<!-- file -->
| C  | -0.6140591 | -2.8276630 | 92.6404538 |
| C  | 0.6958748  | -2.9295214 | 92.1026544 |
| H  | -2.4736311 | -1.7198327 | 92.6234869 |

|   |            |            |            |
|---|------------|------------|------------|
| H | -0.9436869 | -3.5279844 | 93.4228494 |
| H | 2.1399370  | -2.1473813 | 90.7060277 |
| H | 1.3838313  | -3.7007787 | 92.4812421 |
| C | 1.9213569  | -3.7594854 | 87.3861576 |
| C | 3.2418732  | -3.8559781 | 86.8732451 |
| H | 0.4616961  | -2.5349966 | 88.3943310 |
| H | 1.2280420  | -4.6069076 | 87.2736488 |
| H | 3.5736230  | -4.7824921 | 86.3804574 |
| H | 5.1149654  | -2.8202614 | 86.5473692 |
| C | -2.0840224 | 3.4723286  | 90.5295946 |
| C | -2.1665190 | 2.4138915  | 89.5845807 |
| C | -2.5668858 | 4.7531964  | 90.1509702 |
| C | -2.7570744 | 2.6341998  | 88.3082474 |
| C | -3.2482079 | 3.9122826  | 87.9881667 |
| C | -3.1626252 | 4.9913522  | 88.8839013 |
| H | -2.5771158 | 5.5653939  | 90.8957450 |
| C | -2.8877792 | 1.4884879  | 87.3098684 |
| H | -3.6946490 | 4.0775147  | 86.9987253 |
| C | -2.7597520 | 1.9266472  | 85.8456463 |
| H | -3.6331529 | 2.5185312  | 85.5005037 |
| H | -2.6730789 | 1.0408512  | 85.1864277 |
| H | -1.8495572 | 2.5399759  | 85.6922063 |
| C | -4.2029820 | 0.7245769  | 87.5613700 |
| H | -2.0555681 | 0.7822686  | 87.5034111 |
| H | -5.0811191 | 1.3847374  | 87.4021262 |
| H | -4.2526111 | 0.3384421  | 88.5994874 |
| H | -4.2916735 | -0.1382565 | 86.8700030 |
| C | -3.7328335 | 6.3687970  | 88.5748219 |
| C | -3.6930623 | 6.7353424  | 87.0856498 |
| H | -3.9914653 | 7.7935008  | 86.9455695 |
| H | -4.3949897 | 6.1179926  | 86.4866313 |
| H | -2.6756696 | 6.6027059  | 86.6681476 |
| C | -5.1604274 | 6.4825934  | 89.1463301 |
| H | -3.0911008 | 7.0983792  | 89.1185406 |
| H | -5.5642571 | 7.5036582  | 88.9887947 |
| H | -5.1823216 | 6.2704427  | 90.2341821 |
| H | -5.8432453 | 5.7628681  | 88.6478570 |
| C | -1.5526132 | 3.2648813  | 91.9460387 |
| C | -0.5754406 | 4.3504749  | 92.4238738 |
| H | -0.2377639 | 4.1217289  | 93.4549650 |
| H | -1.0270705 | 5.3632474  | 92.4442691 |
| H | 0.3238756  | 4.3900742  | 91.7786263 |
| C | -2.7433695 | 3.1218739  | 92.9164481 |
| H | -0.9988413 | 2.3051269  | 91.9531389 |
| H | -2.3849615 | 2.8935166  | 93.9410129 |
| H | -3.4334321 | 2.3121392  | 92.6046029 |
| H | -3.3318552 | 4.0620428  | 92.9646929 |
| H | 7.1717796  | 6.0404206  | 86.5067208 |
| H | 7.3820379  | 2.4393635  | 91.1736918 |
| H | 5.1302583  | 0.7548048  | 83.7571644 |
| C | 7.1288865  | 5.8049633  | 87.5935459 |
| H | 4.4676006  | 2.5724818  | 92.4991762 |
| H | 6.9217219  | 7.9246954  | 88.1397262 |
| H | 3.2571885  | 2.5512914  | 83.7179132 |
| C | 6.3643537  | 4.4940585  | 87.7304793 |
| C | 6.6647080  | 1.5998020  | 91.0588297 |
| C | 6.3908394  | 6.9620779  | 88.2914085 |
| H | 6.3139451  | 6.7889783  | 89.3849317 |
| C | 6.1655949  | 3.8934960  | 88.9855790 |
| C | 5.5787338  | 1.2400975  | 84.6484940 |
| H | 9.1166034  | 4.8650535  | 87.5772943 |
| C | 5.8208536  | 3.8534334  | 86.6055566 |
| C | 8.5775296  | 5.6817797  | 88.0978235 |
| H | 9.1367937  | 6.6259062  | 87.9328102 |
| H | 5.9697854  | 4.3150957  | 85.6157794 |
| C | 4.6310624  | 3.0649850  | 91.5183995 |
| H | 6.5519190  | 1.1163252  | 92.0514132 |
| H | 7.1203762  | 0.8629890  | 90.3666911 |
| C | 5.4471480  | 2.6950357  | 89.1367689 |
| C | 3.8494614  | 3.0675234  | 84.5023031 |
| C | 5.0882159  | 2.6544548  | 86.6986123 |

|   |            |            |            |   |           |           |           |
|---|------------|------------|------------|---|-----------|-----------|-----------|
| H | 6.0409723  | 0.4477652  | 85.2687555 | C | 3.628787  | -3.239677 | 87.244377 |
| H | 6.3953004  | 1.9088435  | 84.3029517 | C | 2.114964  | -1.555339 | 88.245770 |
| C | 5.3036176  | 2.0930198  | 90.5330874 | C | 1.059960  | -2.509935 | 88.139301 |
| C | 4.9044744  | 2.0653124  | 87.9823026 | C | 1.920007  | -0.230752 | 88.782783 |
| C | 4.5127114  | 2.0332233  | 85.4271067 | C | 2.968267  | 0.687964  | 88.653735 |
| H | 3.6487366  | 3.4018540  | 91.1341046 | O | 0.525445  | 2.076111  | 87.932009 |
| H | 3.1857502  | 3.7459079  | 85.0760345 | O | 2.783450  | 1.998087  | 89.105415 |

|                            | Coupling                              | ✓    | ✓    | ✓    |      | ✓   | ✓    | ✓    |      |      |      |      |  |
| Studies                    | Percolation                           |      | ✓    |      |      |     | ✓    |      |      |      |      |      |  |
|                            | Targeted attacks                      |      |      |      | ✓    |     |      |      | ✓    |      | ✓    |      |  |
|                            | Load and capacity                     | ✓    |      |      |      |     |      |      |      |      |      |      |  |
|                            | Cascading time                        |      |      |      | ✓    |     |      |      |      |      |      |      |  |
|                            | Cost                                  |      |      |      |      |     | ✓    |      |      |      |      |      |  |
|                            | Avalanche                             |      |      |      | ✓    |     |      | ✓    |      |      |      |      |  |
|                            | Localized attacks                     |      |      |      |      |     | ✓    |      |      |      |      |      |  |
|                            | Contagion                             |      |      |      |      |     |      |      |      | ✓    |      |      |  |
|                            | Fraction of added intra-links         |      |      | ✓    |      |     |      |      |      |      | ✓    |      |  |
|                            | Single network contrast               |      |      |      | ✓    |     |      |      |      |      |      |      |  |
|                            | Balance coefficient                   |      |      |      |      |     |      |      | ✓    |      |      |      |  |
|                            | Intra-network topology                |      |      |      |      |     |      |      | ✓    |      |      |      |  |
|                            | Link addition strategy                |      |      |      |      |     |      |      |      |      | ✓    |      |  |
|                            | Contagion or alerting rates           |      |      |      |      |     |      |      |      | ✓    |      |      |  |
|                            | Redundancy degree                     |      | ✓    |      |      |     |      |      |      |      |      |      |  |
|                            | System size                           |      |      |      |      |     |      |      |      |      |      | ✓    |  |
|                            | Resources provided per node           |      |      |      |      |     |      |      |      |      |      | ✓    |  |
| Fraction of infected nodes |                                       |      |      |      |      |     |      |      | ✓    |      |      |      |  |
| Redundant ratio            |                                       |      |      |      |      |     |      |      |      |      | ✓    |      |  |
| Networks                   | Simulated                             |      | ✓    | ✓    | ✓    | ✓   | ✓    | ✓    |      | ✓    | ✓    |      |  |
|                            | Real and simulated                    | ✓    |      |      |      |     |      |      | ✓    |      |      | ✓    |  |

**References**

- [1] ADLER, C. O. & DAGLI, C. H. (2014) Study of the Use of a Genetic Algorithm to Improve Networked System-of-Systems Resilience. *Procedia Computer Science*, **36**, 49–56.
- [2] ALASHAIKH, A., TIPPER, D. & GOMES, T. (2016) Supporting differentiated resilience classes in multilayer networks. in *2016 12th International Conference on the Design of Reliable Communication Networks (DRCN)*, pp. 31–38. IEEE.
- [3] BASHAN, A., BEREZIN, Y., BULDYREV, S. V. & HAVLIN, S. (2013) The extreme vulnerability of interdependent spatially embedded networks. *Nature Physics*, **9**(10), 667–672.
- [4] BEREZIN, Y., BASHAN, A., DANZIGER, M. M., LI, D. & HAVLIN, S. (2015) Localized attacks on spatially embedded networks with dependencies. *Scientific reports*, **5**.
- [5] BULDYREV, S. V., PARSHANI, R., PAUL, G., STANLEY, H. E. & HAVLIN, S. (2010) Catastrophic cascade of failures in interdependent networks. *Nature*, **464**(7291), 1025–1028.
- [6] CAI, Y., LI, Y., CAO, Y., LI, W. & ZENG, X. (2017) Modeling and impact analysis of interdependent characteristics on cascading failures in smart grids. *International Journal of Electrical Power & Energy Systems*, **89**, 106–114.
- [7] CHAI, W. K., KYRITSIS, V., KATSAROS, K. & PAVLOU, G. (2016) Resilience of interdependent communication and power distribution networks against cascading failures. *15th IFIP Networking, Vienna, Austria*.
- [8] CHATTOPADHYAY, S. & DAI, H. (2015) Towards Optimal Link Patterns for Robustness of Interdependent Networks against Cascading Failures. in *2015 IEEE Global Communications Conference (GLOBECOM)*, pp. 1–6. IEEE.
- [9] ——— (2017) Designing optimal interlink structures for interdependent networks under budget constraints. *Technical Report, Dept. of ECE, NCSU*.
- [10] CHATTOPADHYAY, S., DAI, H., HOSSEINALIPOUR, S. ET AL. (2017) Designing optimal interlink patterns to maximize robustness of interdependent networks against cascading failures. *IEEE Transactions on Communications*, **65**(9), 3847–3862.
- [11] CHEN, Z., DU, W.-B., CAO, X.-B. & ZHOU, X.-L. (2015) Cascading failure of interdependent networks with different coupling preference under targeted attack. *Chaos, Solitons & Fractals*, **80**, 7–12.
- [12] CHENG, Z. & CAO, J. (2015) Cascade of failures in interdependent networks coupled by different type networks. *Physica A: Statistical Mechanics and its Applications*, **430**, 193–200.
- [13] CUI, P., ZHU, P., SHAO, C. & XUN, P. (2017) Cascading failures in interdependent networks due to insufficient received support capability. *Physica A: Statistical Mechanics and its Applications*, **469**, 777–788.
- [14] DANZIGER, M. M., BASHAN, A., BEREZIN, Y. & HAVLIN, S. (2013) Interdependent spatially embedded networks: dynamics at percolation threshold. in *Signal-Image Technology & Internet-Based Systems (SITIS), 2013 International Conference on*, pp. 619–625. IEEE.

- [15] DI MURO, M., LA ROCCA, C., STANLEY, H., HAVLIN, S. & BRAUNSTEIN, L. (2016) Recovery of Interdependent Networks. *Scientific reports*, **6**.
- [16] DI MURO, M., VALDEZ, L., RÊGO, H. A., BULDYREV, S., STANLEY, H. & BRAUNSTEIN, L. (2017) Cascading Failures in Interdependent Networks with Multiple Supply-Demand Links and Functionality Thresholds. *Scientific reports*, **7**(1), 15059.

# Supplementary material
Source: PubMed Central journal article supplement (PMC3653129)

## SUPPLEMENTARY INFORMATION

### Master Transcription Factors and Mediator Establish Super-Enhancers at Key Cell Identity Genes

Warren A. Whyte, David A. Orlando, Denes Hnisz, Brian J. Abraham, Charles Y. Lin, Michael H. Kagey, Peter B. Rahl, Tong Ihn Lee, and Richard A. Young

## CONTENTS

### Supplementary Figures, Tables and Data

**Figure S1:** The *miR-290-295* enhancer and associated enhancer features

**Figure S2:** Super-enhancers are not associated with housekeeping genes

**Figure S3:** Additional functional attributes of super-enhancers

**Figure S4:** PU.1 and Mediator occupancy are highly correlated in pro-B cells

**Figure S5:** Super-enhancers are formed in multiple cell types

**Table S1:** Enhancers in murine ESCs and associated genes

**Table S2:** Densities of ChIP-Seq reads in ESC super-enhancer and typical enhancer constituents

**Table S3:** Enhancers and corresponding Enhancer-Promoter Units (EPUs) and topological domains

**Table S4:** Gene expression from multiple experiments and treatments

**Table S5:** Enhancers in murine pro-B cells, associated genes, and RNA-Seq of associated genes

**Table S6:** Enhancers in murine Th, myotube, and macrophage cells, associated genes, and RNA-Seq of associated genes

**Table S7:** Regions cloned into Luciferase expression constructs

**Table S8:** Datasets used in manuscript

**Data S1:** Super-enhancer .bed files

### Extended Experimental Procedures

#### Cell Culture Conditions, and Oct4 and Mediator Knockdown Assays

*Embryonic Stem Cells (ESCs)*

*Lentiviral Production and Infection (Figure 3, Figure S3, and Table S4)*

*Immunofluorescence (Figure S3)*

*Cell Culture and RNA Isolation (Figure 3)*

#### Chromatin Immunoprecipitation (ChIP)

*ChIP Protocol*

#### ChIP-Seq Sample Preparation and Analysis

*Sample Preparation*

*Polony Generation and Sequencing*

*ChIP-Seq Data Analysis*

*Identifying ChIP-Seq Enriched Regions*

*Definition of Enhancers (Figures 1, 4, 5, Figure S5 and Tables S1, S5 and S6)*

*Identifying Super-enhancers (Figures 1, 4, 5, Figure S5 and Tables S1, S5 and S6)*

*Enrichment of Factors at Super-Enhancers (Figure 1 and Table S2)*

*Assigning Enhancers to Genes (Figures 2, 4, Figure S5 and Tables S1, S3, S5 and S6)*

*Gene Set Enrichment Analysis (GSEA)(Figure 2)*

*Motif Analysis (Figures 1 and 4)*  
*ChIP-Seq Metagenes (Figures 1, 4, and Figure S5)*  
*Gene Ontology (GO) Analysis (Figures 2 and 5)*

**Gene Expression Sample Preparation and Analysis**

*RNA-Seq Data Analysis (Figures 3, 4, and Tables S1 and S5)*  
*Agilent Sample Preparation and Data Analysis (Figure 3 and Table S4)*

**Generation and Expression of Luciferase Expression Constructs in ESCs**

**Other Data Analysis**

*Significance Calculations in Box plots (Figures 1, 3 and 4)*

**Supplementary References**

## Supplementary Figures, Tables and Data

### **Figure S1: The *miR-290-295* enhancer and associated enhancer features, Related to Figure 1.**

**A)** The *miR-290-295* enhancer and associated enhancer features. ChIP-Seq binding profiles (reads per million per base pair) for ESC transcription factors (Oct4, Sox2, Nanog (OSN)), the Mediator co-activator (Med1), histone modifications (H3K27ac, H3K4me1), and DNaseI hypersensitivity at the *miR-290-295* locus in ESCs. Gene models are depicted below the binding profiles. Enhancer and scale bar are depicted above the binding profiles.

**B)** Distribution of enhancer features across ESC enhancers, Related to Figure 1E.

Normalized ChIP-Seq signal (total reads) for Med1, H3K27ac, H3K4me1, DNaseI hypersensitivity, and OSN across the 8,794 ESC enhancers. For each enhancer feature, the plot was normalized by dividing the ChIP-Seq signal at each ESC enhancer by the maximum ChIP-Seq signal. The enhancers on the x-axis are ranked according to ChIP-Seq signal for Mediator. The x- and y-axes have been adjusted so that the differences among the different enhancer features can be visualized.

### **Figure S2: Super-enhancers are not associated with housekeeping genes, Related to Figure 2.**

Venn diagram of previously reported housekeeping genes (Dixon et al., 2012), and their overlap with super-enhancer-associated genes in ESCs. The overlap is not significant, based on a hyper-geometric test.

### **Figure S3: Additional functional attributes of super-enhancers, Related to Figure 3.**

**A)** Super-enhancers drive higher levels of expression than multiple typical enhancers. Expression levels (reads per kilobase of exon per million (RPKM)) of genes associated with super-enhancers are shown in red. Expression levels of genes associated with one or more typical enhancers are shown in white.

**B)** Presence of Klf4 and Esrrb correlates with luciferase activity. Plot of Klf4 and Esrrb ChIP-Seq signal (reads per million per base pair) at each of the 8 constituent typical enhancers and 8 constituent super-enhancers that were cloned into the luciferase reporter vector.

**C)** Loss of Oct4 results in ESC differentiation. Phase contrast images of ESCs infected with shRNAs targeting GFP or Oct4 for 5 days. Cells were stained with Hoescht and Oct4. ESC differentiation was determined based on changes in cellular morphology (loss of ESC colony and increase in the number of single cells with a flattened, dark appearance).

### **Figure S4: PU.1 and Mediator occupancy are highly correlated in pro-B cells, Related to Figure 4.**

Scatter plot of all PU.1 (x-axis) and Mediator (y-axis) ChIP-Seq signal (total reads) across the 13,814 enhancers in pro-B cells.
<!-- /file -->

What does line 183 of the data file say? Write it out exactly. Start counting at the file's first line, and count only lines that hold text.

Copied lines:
**B)** Presence of Klf4 and Esrrb correlates with luciferase activity. Plot of Klf4 and Esrrb ChIP-Seq signal (reads per million per base pair) at each of the 8 constituent typical enhancers and 8 constituent super-enhancers that were cloned into the luciferase reporter vector.